Loan Modification Failure

By: Timothy McFarlin | Published: July 21st, 2010 | Category: Loan Modification

Loan modification is often the preferred method of foreclosure avoidance for borrowers struggling to make their monthly mortgage payments.  When a borrower is faced with loan modification failure, they often wonder what other options are available to them to avoid foreclosure.  The good news is that there are several ways to avoid foreclosure if loan modification doesn’t work, the bad news is that few borrowers will not be very excited about those options.

A short sale is the sale of a home for less than what is owed on a mortgage contract.  The sale will come short of fulfilling loan expectations, hence the name.  In order to conduct a short sale, the lender must agree to accept less than the home is worth before the transaction is made.  In some circumstances, the lender will pursue the borrower for the remaining debt to cover their original loan obligation, but in many cases, the lender will forgive the borrower’s debt and simply cut their losses.  Even if a lender forgives the borrower’s debt, the borrower should realize that some states will count their forgiven debt as earned income to be taxed.  Borrowers should do their research to determine exactly how a short sale will impact them in the future and should not attempt a short sale until they are certain of possible consequences.

A deed in lieu of foreclosure involves the transfer of the deed to the property in question, either to the lender or to a third party investor.  Under this type of arrangement, the new land owner will agree to accept a certain amount of “rent” per month that is less than the borrower’s current monthly payments and will also agree to allow the borrower to remain in the property for a pre-determined period of time.  Basically, this option turns a homeowner into a renter in their own home.  Borrowers should also approach this option with caution because nothing stops the investor or lender from pursuing an eviction of the former homeowner from the property.  While the eviction must be legal and have merit, the fact that the lender or investor could aggressively pursue it often causes many struggling homeowners to shy away from this option.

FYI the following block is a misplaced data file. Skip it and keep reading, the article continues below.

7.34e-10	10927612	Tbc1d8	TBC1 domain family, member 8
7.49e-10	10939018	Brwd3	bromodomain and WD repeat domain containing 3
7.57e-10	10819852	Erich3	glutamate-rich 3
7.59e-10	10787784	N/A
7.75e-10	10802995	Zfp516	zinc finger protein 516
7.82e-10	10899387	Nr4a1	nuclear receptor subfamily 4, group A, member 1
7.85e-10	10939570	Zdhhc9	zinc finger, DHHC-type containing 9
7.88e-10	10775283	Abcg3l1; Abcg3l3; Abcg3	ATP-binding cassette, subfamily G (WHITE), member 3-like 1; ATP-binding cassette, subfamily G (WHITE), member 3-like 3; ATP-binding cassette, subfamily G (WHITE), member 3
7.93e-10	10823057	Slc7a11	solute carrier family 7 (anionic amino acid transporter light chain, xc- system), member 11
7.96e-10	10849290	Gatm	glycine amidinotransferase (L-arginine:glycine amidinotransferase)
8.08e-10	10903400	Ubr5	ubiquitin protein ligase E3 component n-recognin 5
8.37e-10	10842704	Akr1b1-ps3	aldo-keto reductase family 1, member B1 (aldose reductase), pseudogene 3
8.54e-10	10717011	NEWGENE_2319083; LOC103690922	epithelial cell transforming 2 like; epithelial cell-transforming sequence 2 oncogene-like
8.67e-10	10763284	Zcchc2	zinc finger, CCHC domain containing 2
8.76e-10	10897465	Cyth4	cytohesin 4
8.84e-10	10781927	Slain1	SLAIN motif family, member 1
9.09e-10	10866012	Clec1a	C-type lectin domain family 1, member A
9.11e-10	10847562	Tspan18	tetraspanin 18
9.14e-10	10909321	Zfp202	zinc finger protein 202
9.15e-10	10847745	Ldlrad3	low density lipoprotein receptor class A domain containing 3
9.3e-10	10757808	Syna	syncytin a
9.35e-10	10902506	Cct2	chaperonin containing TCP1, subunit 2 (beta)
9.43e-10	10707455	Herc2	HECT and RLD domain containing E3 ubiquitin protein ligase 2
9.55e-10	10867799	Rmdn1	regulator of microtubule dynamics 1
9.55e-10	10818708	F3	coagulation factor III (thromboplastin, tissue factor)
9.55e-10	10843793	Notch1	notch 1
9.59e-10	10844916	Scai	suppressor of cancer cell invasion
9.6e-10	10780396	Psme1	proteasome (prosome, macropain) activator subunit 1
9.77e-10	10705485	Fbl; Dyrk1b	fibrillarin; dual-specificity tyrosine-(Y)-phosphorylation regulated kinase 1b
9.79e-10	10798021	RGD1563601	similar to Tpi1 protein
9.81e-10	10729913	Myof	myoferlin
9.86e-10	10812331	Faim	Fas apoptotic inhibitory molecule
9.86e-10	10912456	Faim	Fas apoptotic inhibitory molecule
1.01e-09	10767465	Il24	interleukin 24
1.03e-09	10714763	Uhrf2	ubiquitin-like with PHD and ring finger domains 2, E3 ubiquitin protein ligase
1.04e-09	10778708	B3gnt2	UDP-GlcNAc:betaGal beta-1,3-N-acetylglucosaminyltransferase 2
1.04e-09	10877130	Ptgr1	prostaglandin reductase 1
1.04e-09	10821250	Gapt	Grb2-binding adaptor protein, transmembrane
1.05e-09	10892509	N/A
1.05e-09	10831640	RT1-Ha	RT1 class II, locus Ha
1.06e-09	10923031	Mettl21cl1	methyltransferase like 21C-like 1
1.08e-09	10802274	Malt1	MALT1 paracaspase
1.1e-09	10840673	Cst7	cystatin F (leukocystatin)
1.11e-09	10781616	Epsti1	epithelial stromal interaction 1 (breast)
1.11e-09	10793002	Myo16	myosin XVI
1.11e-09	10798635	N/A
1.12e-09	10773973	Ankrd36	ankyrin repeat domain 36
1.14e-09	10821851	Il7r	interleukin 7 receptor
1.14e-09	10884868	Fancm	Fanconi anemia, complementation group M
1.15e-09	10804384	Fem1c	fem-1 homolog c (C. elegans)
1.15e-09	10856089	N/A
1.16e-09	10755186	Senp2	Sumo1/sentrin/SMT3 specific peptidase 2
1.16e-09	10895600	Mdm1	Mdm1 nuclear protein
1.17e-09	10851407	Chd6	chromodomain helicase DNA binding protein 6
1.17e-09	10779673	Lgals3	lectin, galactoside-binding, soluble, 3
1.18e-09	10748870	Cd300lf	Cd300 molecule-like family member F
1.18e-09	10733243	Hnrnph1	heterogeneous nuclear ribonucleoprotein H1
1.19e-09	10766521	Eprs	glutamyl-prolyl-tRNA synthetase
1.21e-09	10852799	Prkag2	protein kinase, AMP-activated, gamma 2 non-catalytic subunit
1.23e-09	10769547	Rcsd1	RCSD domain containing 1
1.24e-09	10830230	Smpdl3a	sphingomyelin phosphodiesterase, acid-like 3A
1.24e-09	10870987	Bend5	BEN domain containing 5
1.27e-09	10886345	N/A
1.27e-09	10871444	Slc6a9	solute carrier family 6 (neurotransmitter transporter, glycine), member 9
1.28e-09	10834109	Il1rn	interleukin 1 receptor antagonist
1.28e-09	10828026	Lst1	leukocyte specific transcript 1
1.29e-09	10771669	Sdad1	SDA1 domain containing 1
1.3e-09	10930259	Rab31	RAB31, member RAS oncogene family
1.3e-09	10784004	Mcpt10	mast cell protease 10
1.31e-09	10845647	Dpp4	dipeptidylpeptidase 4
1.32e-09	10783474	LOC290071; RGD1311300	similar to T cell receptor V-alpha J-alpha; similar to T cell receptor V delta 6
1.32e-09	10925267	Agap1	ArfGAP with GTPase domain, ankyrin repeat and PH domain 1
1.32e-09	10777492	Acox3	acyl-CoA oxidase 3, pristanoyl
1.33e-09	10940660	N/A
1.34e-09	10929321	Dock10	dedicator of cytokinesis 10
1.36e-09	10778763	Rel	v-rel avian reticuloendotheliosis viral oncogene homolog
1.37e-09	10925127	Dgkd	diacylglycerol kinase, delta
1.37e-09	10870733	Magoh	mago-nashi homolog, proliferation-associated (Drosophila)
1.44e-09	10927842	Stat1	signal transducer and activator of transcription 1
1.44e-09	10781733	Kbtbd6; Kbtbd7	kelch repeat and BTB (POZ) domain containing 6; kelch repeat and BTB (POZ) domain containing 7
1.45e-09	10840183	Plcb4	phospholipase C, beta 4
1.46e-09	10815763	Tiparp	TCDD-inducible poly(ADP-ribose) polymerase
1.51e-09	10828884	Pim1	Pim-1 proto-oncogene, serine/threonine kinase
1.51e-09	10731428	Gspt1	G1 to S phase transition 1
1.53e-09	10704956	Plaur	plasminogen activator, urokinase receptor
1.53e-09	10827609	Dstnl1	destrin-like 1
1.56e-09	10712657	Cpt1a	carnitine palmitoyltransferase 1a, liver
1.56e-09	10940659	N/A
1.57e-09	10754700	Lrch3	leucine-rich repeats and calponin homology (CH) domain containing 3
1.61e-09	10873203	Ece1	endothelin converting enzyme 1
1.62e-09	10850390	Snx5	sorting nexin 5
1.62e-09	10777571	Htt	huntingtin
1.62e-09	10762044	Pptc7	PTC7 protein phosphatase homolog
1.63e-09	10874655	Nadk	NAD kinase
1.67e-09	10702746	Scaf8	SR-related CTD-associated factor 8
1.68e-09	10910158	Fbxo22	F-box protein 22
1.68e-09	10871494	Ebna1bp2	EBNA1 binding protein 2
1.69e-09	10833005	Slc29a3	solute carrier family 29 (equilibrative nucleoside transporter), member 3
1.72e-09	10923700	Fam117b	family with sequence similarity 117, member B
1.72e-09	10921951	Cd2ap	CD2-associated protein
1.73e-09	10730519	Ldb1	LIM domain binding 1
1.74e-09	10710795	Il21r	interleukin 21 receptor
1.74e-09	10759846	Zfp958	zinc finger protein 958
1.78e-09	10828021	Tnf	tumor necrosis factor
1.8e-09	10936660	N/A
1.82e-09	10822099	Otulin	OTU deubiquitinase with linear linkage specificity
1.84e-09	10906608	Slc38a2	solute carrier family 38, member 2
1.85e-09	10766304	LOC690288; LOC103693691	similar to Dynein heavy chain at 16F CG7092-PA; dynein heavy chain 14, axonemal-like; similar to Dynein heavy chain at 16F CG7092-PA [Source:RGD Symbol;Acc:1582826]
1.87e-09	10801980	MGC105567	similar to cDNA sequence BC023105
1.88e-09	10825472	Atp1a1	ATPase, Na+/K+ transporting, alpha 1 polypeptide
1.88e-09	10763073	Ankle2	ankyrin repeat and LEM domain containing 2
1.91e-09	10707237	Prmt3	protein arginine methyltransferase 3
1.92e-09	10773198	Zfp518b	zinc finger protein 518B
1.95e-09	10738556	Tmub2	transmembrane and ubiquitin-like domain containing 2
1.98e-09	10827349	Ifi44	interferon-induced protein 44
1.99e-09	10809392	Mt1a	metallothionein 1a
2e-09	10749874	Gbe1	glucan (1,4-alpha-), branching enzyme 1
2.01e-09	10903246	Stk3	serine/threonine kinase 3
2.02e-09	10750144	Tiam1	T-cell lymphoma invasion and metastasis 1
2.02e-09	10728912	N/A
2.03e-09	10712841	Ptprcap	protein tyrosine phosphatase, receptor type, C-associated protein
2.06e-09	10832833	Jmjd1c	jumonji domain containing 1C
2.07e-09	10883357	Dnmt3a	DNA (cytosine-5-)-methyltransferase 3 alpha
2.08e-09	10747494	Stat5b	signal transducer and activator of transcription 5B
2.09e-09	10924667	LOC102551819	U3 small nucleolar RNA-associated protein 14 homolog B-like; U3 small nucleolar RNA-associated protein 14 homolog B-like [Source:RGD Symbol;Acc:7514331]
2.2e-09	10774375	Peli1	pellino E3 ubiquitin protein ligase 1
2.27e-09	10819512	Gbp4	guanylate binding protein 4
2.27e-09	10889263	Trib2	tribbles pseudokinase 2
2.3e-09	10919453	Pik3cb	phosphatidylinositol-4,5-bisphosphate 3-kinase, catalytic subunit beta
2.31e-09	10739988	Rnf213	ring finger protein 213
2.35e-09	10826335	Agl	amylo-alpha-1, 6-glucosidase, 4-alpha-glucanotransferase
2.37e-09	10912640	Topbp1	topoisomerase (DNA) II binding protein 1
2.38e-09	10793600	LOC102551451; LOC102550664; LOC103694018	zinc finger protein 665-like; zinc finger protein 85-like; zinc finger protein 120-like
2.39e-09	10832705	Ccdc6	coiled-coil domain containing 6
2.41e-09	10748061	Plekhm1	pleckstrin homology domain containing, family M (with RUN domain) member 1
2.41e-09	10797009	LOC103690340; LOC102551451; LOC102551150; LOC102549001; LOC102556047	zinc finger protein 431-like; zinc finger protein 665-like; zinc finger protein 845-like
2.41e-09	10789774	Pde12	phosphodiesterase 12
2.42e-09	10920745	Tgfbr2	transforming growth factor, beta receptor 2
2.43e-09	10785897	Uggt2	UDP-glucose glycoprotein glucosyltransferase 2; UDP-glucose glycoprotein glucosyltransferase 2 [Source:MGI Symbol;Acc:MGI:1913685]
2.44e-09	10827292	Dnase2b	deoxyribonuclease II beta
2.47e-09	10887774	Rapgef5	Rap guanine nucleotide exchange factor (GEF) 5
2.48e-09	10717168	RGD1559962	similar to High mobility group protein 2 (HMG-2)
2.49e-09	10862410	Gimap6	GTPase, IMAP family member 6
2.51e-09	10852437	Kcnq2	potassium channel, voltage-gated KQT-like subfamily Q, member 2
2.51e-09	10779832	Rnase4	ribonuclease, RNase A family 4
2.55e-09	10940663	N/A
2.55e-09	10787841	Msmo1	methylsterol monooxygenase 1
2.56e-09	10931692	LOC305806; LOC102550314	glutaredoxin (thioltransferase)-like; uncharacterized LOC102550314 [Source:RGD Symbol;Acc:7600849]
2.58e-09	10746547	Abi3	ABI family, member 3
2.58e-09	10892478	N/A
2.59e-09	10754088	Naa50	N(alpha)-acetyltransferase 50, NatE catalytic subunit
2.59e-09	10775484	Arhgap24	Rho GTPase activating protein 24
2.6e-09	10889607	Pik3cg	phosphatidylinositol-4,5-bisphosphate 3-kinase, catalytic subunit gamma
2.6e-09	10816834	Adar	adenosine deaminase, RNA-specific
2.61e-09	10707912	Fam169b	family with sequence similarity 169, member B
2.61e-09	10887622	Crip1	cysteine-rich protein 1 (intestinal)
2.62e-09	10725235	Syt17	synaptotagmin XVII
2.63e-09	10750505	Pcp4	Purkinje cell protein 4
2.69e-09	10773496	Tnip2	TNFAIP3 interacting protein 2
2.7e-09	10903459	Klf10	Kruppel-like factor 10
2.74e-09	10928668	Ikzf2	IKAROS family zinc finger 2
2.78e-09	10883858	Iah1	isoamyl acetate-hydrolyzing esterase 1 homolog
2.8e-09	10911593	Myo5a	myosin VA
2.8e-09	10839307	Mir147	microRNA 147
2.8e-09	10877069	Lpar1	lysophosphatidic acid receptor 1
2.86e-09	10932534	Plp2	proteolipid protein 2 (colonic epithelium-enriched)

Borrowers reading this information may not think that the two options listed above are legitimate ways to avoid foreclosure because in both cases the borrower still has to leave their home.  While true that the borrower has to surrender ownership of their home, it is not true that this is exactly the same as foreclosure.  Foreclosure is more than the forfeiture of property, it is a mark (many would call it a stain) on a person’s credit score that can have dire consequences for borrowers wanting to move past their bad experience and start over again.  If a person attempts a short sale or deed in lieu of foreclosure, they may lose ownership of their home, but they also avoid the mark of foreclosure on their credit score.  This means that it will be much easier for the borrower to move on from the loss of their home than if a full foreclosure was permitted.

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